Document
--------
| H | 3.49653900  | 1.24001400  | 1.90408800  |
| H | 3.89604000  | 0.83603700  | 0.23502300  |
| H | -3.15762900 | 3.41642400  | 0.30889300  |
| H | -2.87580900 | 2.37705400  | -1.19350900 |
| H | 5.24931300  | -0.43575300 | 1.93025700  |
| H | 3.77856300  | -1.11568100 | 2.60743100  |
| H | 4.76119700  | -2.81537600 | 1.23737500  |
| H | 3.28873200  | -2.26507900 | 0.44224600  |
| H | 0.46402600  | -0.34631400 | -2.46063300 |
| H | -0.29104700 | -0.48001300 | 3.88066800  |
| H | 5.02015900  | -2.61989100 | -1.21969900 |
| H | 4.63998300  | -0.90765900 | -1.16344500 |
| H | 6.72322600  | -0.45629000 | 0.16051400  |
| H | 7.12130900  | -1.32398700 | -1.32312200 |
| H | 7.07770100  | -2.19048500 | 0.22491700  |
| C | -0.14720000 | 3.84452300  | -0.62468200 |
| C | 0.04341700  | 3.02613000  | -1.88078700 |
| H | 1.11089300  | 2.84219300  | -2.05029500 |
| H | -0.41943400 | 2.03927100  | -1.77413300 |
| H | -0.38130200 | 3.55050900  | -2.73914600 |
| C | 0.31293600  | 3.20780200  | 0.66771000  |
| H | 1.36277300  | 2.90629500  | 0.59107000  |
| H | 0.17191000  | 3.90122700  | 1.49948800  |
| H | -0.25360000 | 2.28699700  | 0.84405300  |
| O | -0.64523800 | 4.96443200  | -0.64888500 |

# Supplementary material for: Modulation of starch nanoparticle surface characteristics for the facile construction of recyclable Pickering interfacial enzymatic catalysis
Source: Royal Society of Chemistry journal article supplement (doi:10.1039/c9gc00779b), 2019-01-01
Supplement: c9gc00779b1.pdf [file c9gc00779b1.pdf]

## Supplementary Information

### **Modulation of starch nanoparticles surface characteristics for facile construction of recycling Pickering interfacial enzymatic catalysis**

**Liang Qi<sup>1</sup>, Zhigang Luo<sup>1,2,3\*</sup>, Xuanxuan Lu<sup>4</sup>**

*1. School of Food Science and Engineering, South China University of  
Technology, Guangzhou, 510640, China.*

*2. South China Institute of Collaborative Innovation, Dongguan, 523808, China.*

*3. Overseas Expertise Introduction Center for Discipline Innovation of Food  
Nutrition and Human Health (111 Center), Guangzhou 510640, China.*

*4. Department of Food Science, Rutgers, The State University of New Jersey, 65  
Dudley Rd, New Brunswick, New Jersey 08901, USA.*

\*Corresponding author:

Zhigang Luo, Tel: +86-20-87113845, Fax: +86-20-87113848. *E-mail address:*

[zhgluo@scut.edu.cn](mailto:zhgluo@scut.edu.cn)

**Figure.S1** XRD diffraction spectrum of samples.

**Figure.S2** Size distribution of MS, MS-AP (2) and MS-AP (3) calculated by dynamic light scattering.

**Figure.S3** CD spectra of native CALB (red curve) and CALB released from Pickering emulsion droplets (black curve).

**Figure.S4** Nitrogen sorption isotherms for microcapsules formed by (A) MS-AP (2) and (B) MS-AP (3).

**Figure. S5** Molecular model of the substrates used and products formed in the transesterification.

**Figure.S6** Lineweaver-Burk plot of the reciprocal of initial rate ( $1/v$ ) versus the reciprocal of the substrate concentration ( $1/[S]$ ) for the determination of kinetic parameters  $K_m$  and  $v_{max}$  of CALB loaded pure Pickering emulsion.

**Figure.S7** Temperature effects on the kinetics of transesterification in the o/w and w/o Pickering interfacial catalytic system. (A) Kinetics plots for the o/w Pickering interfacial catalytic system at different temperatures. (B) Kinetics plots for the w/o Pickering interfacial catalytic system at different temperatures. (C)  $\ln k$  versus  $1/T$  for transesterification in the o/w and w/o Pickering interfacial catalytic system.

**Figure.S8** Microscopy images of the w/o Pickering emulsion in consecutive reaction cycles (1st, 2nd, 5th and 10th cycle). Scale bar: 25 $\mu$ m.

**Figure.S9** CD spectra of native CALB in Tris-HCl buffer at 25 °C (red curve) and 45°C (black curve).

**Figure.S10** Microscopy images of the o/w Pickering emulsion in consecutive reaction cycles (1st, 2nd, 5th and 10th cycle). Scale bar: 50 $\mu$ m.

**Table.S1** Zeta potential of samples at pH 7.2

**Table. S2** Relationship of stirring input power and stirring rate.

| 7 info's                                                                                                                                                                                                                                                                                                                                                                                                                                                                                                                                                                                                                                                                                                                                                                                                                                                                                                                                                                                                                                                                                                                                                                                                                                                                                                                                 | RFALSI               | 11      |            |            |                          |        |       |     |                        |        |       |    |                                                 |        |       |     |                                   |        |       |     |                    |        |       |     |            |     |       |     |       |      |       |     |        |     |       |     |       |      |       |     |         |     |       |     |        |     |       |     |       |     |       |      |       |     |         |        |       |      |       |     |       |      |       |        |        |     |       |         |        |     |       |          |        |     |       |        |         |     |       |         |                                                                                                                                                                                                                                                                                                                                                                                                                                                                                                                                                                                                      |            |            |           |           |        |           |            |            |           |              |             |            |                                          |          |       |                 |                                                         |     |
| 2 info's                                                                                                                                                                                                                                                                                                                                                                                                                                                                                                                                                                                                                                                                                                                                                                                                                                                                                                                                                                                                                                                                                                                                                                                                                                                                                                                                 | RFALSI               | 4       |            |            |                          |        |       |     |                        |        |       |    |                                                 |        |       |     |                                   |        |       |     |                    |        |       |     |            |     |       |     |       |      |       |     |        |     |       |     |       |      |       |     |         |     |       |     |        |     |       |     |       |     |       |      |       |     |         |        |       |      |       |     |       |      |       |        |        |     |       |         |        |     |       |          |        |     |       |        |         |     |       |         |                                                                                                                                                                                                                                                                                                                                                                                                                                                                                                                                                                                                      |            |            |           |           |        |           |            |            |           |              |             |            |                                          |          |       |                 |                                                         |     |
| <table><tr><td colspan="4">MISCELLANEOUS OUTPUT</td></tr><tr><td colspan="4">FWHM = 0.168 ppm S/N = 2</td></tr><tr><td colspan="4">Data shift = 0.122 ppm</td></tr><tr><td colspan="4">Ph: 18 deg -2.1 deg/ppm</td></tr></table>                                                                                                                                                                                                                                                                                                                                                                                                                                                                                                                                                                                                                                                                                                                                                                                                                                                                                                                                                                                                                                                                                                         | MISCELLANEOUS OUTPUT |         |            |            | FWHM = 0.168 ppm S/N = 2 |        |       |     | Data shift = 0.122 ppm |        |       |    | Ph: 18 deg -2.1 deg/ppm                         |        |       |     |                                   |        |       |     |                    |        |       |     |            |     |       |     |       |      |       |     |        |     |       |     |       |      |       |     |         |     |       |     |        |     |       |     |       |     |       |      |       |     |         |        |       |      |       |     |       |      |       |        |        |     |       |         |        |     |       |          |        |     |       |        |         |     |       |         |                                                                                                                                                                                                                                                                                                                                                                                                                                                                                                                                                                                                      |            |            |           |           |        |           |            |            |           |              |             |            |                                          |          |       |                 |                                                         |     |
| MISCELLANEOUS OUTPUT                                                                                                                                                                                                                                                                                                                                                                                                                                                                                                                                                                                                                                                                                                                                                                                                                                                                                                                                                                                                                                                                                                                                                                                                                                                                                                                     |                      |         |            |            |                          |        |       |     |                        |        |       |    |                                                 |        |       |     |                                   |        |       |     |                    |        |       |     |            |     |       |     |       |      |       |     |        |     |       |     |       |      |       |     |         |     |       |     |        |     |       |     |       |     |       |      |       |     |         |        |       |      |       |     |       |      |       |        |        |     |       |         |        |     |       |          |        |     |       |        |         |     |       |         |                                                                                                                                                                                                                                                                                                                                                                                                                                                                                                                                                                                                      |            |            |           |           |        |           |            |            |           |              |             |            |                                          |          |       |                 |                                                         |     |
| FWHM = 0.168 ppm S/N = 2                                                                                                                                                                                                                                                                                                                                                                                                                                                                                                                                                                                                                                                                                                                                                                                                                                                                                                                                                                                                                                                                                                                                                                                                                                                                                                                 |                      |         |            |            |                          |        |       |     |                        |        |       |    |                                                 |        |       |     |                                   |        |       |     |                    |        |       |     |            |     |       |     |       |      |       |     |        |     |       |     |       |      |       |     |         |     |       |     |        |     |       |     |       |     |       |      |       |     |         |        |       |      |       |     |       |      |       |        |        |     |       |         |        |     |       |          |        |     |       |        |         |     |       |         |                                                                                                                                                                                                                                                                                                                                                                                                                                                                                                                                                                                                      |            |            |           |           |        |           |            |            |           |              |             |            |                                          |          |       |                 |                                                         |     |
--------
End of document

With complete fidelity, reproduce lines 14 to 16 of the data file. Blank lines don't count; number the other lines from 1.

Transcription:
| H | 7.12130900  | -1.32398700 | -1.32312200 |
| H | 7.07770100  | -2.19048500 | 0.22491700  |
| C | -0.14720000 | 3.84452300  | -0.62468200 |